Supporters of the bill say that it also benefits those who have moved to Texas from other states and are unfamiliar with Texas history.

Filed by Representative Tan Parker, HB 2497 creates the Texas 1836 Project, a nine-person advisory committee that will serve two-year terms to promote and expand education, including “the presentation of the history of the State’s founding and foundational principles, examination of how Texas has grown closer to those principles throughout its history and explanation of why commitment to those principles is beneficial and justified.”

The law goes into effect on September 1.

College Athletes Can Now Sell Their Names for Profit

The bill will allow college athletes in the state to earn compensation for the use of their name, image, and likeness. Texas became the 19th state to pass such landmark legislation.

“I’m thrilled to hear that Gov. Abbott signed the Texas NIL bill into law,” said Rep. Matt Krause, who sponsored the bill in the House along with Rep. Jim Murphy. “This legislation will ensure Texas college athletes receive fair compensation for their efforts and prowess on the field, court and everywhere they display their talents.”

Texas is just one of many states that have changed their laws to allow college athletes to be paid “fair market value” for their services and the use of their name, image, and likeness. Athletes could be compensated for anything from promotional appearances to product endorsements to autograph sessions and training sessions.

The law goes into effect on July 1.

Anti-Vaccination Passport

This legislation prohibits businesses and government entities from requiring proof of vaccination in the state.

“Texas is open 100 percent and we want to make sure that you have the freedom to go where you want without limits,” Abbott said in a Twitter video. “Vaccine passports are now prohibited in the Lone Star State.”

“No business or government entity can require a person to provide a vaccine passport or any other vaccine information as a condition of receiving any service or entering any place.”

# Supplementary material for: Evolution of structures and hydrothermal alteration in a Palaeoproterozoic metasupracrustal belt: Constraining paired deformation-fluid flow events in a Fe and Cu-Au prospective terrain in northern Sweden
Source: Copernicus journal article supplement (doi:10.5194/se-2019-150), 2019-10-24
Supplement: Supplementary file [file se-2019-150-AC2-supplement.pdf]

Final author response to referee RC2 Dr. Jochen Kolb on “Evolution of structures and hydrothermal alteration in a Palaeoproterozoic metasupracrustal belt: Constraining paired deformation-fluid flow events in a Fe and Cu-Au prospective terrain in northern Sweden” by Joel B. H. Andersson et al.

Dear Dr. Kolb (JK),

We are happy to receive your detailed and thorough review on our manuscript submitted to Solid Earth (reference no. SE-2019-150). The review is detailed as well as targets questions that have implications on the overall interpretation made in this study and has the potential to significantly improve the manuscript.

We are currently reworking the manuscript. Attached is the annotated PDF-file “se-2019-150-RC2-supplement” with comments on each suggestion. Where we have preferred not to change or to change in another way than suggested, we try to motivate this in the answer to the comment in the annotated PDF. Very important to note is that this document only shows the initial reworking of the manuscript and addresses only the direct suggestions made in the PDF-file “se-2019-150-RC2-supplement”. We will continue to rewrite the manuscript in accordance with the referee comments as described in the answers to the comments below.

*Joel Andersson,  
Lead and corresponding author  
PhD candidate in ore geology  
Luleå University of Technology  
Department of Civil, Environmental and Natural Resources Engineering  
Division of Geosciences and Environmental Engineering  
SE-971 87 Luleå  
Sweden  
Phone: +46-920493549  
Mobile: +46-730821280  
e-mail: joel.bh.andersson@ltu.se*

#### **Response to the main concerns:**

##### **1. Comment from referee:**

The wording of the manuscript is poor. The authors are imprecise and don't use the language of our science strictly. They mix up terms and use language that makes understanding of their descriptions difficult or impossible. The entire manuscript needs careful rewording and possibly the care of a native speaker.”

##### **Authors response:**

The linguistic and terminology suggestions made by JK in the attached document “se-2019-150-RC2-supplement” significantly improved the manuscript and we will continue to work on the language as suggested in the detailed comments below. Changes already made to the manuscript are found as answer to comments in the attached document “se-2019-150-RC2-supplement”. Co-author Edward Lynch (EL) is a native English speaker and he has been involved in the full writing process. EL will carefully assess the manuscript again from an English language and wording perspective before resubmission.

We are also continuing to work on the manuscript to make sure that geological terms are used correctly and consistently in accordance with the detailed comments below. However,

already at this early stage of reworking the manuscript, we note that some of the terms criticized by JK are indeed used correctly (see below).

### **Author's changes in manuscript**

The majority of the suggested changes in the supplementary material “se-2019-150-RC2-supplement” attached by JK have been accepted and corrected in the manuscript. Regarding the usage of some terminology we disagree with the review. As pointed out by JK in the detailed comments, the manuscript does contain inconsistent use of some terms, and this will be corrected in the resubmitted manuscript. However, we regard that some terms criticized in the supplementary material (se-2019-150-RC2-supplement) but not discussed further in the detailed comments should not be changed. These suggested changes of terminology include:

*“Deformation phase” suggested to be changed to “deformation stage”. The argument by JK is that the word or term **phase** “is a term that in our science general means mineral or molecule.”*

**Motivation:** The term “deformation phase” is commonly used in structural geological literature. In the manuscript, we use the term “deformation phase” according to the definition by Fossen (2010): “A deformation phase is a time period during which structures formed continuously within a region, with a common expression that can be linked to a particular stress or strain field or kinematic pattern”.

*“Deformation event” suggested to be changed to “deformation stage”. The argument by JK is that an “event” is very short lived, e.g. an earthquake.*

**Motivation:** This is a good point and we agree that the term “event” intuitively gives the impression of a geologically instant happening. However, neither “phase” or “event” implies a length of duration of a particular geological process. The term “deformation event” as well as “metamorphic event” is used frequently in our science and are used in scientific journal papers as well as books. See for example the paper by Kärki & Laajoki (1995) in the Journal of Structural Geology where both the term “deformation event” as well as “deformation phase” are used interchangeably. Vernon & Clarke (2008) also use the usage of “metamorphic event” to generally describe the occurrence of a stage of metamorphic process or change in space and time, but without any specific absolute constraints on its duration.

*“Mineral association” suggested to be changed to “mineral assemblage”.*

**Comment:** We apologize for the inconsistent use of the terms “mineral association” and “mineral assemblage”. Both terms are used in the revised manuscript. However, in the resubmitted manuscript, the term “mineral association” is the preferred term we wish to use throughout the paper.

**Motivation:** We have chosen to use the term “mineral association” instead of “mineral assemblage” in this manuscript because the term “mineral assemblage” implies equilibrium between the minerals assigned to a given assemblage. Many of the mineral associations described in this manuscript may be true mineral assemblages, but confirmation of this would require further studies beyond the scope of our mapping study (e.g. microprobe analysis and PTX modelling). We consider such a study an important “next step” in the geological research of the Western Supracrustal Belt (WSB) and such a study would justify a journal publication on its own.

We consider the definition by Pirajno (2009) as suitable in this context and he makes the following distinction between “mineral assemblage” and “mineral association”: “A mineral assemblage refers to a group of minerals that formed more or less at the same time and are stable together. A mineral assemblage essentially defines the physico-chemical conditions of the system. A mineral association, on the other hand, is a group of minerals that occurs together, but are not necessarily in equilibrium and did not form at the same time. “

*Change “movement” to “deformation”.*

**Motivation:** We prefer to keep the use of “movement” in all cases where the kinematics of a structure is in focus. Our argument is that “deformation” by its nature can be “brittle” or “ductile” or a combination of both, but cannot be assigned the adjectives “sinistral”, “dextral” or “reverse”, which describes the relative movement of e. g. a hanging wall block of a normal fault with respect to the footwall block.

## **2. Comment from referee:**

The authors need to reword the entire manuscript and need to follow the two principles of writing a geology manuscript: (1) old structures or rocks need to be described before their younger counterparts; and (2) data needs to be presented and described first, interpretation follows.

Under the new legislation, Texas businesses that require their customers to be vaccinated against COVID-19 will be denied state contracts and may lose their licenses or operating permits.

The law is effective immediately, as of June 7.

Critical Race Theory Banned In Schools

Rounding out our list is the ever-popular hot topic of Critical Race Theory (CRT) in schools.

Governor Abbott is following suit with many Republican governors in the banning of CRT.

This House Bill 3979 signed into law includes a list of founding documents that Texas students must be taught. It also contains a list of additional historical documents written by people of color and women that House Democrats had added.

It mandates that students be taught “the history of white supremacy, including but not limited to the institution of slavery, the eugenics movement, and the Ku Klux Klan, and the ways in which it is morally wrong.”

Students are not permitted to receive credit or extra credit for participating in civic activities such as political activism or lobbying elected officials on a specific issue.

The law goes into effect on September 1.

 

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Riiver Nihil is a born and raised American who values real freedom and the American Constitution. She loves to inspire and empower others to always question the mainstream narrative, think for themselves and stand up for their American and God-given rights. Email : riiver@tatumreport.com